ORIGINAL RESEARCH article
Identification of Plasmatic Biomarkers of Foie Gras Qualities in Duck by Metabolomics
- 1GenPhySE, Université de Toulouse, INRAE, ENVT, Castanet Tolosan, France
- 2Department of Animal Science, Faculty of Agriculture, Tarbiat Modares University, Tehran, Iran
- 3Toxalim, Université de Toulouse, INRA, ENVT, INP-Purpan, UPS, Toulouse, France
- 4Axiom Platform, MetaToul-MetaboHUB, National Infrastructure for Metabolomics and Fluxomics, Toulouse, France
- 5ASSELDOR, Station d’expérimentation appliquée et de démonstration sur l’oie et le canard, La Tour de Glane, Coulaures, France
The foie gras is an emblematic product of French gastronomy composed of waterfowl fatty liver. The organoleptic qualities of this product depend on the liver characteristics such as liver weight (LW) and technological yield (TY) at cooking. One of the main issues for producers is to classify the foie gras with high or low technological quality before cooking them. Thus the study aims at identifying biomarkers of these characteristics with non-invasive biomarkers in duck. 1H-NMR (nuclear magnetic resonance of the proton) analyses were performed on plasma of male mule ducks at different time points during the overfeeding period to obtain a large range of liver characteristics so as to identify plasmatic biomarkers of foie gras. We used two methods, one based on bucket data from the 1H-NMR spectra and another one based on the fingerprints of several metabolites. PLS analyses and Linear models were performed to identify biomarkers. We identified 18 biomarkers of liver weight and 15 biomarkers of technological yield. As these two quality parameters were strongly correlated (−0.82), 13 biomarkers were common. The lactate was the most important biomarker, the other were mainly amino acids. Contrary to the amino acids, the lactate increased with the liver weight and decreased with the technological yield. We also identified 5 biomarkers specific to LW (3 carbohydrates: glucuronic acid, mannose, sorbitol and 2 amino acids: glutamic acid and methionine) that were negatively correlated to liver weight. It was of main interest to identify 2 biomarkers specific to the technological yield. Contrary to the isovaleric acid, the valine was negatively correlated to the technological yield.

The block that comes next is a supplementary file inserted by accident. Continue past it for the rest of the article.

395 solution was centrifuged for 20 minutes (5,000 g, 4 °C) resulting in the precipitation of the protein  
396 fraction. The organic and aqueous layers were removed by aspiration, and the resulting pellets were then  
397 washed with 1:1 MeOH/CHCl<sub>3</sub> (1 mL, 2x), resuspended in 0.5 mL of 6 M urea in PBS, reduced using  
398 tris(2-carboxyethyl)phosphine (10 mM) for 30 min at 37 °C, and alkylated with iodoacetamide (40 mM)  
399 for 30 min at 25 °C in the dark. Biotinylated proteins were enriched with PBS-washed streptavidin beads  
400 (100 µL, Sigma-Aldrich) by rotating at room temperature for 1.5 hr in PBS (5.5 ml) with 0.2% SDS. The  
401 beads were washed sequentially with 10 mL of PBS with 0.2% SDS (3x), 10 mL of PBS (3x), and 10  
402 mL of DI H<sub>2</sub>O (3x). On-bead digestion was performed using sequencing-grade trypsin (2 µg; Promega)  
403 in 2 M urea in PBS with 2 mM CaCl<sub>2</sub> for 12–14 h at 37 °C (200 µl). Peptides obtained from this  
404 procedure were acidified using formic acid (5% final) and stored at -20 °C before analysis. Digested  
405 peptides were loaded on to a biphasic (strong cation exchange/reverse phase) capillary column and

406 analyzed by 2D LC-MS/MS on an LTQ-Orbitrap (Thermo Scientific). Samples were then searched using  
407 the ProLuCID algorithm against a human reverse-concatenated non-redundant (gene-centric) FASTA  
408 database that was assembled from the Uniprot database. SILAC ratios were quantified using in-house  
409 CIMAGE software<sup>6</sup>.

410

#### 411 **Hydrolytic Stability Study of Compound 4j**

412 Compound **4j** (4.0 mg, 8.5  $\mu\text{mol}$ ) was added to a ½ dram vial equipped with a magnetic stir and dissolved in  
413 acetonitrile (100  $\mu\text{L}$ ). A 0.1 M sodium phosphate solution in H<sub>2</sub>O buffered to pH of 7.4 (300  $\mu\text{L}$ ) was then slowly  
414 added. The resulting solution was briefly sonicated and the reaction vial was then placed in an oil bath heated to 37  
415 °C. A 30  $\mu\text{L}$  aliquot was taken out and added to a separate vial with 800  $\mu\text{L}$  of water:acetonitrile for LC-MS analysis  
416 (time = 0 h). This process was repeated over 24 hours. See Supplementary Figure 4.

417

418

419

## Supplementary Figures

The foie gras of duck is a traditional product in France. It corresponds to a liver weighing more than 300 g (JORF, 1993) that is composed of 50 to 60% of lipids. During the cooking process, the lipids can melt resulting in a low cooking technological yield (TY). In addition to deteriorating the sensory qualities of the products, TY also directly influences the economic valuation of the foie gras. TY is controlled by the French legislation as it must exceed 70% in products labeled Foie gras (JORF, 1993).